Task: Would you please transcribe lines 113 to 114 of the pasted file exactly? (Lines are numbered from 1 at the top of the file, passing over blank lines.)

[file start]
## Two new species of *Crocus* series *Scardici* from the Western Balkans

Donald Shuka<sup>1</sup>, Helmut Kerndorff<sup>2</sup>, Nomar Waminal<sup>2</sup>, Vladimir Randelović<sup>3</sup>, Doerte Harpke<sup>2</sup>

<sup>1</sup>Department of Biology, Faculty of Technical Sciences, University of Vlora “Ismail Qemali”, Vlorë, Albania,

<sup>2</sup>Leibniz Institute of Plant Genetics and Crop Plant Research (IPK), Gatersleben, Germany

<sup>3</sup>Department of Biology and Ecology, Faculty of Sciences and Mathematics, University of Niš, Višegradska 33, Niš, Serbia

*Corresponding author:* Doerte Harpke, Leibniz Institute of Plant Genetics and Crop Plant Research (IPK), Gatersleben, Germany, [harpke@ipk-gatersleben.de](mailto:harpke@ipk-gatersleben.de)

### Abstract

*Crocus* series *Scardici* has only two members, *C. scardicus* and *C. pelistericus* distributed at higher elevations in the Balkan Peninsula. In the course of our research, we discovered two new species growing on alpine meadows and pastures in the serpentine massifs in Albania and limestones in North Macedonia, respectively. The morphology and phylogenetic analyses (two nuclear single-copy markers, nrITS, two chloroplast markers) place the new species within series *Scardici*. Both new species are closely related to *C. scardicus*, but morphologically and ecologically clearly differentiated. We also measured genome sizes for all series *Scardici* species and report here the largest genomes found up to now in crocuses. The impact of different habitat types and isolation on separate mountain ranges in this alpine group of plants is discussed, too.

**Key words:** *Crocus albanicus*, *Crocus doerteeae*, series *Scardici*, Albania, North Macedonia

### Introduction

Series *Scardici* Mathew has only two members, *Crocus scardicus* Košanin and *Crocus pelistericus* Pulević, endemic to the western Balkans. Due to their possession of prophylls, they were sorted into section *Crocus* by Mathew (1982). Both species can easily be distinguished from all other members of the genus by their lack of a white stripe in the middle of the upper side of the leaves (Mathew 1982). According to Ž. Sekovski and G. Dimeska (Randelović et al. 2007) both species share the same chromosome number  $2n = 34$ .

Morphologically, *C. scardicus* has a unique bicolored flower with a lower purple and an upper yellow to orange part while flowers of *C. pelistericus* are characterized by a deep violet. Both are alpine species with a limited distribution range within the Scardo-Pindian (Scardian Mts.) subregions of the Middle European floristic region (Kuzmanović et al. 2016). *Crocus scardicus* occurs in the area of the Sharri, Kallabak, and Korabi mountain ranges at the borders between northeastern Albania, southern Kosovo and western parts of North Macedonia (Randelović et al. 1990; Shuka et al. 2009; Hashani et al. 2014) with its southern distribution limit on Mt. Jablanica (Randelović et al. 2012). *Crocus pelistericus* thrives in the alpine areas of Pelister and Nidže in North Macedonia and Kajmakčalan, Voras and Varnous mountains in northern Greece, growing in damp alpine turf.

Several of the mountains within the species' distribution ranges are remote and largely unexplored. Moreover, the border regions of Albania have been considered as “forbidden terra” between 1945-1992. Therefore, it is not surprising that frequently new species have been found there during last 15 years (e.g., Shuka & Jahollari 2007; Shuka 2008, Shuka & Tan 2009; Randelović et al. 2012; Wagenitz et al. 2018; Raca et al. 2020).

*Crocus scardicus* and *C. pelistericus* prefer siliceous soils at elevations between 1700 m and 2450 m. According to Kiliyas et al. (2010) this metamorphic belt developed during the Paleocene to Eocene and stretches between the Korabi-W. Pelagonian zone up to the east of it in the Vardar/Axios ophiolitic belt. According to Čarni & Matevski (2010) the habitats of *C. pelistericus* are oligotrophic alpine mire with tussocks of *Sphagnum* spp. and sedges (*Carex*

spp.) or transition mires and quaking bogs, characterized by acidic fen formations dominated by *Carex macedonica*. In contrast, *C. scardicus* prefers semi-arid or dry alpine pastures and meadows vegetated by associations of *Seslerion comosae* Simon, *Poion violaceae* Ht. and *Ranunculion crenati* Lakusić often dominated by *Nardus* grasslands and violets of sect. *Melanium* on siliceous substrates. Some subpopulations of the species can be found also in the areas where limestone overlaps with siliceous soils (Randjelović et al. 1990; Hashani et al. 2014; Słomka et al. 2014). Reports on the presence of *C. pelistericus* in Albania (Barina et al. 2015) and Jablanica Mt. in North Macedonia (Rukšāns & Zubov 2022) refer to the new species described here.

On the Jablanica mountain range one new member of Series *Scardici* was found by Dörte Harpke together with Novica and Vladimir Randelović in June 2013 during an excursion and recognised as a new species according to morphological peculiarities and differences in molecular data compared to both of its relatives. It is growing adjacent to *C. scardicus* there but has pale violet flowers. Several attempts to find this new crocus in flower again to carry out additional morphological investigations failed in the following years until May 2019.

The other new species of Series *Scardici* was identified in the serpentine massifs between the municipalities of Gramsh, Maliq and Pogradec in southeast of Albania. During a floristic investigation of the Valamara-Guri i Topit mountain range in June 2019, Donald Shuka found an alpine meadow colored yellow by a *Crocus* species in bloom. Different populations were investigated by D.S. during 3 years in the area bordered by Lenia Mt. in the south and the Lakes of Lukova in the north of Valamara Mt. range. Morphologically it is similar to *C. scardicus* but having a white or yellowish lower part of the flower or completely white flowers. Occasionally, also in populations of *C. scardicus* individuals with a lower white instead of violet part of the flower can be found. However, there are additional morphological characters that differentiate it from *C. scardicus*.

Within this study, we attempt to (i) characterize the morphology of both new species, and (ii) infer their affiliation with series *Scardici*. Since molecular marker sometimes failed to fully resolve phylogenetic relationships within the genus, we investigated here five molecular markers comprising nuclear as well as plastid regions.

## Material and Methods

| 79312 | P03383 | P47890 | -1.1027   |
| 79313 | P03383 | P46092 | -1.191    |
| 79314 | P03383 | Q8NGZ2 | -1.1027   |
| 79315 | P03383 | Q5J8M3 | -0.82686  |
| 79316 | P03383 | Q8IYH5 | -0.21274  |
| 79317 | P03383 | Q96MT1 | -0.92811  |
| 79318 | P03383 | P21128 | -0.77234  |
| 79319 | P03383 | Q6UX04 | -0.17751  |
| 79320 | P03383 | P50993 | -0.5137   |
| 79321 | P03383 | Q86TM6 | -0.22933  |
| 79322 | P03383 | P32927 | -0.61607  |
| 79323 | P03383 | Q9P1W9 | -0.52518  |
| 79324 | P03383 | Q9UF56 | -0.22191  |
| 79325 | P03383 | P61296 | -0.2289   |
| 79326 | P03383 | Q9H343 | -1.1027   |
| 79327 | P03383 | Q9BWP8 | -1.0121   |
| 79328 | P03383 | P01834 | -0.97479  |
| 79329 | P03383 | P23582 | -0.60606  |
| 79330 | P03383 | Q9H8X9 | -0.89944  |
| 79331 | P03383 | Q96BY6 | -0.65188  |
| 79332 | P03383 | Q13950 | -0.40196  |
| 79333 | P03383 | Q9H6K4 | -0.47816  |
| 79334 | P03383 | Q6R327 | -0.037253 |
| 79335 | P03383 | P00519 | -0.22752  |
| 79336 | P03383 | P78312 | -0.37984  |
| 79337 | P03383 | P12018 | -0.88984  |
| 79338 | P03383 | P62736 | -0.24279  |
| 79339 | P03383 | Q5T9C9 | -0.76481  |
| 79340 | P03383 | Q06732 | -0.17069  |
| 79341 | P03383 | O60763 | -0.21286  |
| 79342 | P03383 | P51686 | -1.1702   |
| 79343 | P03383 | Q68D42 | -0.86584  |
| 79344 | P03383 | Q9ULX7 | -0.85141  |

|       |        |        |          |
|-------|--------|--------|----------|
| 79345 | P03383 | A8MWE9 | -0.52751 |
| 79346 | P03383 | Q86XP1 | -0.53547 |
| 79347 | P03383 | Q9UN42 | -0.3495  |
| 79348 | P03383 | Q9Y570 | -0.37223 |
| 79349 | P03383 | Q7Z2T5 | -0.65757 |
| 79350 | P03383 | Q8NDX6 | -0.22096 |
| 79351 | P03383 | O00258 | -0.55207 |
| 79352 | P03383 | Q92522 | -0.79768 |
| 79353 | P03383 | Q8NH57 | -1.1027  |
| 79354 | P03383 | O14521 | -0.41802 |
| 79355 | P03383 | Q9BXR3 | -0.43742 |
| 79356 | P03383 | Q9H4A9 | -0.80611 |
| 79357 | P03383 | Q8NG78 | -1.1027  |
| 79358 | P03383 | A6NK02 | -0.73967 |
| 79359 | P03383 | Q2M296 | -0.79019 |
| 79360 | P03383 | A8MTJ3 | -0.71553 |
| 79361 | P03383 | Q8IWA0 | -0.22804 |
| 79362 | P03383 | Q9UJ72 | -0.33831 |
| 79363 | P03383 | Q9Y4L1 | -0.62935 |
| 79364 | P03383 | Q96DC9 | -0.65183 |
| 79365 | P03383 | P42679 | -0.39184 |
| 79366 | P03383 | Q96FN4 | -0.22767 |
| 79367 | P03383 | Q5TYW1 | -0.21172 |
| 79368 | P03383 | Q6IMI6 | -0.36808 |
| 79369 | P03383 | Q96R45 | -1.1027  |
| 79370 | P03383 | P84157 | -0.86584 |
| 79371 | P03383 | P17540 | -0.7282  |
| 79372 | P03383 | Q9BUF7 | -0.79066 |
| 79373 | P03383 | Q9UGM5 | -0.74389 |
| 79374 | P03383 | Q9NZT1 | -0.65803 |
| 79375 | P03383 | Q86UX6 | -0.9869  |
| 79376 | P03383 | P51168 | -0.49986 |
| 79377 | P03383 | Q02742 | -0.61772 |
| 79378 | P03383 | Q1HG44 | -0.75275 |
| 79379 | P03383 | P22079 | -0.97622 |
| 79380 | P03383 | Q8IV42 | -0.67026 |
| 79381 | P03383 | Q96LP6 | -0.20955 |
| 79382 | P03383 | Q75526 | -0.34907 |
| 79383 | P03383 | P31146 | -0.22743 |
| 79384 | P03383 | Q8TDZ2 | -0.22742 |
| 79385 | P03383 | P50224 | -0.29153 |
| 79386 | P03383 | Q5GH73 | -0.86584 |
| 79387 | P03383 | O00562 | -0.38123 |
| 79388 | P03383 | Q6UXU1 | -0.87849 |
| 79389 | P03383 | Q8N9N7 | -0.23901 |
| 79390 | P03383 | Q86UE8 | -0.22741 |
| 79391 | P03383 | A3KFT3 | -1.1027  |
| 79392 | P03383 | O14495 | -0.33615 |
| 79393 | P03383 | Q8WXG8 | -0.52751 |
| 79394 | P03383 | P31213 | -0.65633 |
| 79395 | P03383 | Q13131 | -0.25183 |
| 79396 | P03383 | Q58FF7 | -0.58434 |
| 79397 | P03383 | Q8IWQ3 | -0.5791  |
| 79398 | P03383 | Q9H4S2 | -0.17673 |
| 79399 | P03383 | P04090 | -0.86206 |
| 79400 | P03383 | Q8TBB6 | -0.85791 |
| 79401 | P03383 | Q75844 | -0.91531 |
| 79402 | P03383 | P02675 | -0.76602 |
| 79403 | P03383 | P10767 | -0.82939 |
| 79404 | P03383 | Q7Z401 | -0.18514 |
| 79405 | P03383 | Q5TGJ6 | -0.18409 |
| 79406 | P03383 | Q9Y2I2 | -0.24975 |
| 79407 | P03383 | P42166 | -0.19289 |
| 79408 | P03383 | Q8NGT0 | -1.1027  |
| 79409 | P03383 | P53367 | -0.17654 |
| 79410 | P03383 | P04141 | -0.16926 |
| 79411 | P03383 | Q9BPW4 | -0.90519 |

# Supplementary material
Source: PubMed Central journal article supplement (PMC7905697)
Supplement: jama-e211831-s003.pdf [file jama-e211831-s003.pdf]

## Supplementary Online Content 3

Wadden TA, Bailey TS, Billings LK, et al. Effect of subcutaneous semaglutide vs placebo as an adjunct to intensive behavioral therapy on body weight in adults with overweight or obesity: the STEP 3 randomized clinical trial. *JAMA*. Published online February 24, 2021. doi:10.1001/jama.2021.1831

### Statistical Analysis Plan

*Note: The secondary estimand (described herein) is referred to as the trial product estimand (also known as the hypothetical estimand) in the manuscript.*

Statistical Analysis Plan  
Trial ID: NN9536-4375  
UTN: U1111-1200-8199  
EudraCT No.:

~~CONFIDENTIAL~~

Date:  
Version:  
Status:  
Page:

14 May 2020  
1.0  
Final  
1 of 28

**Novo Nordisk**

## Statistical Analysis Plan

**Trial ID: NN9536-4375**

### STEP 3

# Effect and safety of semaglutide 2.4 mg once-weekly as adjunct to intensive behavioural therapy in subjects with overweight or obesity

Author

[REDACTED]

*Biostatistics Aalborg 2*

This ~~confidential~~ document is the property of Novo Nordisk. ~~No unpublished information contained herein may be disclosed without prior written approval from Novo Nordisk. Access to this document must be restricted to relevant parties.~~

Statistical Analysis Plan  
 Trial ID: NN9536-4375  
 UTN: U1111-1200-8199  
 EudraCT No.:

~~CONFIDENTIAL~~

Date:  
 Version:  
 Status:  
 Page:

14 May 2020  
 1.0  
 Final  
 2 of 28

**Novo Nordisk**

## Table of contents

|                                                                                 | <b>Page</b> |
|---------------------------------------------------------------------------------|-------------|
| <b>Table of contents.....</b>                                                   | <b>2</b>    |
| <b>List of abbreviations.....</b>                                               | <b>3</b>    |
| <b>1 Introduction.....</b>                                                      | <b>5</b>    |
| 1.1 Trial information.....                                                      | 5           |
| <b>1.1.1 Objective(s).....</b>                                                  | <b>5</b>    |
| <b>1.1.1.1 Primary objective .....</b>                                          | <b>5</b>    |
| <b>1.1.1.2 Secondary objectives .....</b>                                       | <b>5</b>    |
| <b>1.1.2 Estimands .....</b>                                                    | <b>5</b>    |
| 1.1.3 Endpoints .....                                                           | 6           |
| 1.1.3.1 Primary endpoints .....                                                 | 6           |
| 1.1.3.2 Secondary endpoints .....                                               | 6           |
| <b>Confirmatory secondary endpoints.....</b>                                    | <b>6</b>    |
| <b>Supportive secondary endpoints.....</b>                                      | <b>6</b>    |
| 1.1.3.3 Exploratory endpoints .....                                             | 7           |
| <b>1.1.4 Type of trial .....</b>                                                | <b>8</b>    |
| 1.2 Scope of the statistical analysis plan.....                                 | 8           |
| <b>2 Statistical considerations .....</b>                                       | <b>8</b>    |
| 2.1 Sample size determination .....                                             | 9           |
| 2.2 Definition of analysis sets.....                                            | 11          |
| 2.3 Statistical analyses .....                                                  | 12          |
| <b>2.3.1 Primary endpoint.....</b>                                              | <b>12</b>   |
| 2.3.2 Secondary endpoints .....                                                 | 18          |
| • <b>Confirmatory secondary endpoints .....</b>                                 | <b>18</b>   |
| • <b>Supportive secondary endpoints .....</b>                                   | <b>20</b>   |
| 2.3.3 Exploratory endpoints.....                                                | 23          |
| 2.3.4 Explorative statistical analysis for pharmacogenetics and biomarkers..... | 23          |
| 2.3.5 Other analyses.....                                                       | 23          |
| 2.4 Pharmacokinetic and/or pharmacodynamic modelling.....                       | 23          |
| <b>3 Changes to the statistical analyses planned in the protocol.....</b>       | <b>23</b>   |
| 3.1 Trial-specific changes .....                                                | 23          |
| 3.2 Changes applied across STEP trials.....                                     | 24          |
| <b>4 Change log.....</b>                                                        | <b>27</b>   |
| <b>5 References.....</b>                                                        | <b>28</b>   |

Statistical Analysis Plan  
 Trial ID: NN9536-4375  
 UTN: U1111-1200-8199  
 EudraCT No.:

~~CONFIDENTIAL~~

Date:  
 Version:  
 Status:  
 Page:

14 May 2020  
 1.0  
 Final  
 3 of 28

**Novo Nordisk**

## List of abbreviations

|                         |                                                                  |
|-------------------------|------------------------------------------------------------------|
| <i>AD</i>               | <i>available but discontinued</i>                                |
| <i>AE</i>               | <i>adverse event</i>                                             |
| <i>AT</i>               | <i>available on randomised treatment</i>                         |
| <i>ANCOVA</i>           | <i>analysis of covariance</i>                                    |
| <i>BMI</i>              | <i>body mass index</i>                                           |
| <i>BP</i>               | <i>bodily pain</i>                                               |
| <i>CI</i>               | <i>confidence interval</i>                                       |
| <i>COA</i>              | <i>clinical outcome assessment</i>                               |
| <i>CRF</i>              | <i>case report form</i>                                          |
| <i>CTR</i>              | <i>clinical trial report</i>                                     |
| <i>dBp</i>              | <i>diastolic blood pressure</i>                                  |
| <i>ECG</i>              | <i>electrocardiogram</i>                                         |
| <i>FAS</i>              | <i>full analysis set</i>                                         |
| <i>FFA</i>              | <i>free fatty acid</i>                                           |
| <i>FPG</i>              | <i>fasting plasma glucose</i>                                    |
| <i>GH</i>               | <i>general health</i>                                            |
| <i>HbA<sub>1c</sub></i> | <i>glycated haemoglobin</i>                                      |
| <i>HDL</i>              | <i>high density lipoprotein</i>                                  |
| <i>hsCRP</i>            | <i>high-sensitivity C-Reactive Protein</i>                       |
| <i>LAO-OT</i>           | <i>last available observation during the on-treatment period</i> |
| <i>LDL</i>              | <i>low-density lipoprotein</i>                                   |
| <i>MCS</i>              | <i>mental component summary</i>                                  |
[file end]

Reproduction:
| 79403 | P03383 | P10767 | -0.82939 |
| 79404 | P03383 | Q7Z401 | -0.18514 |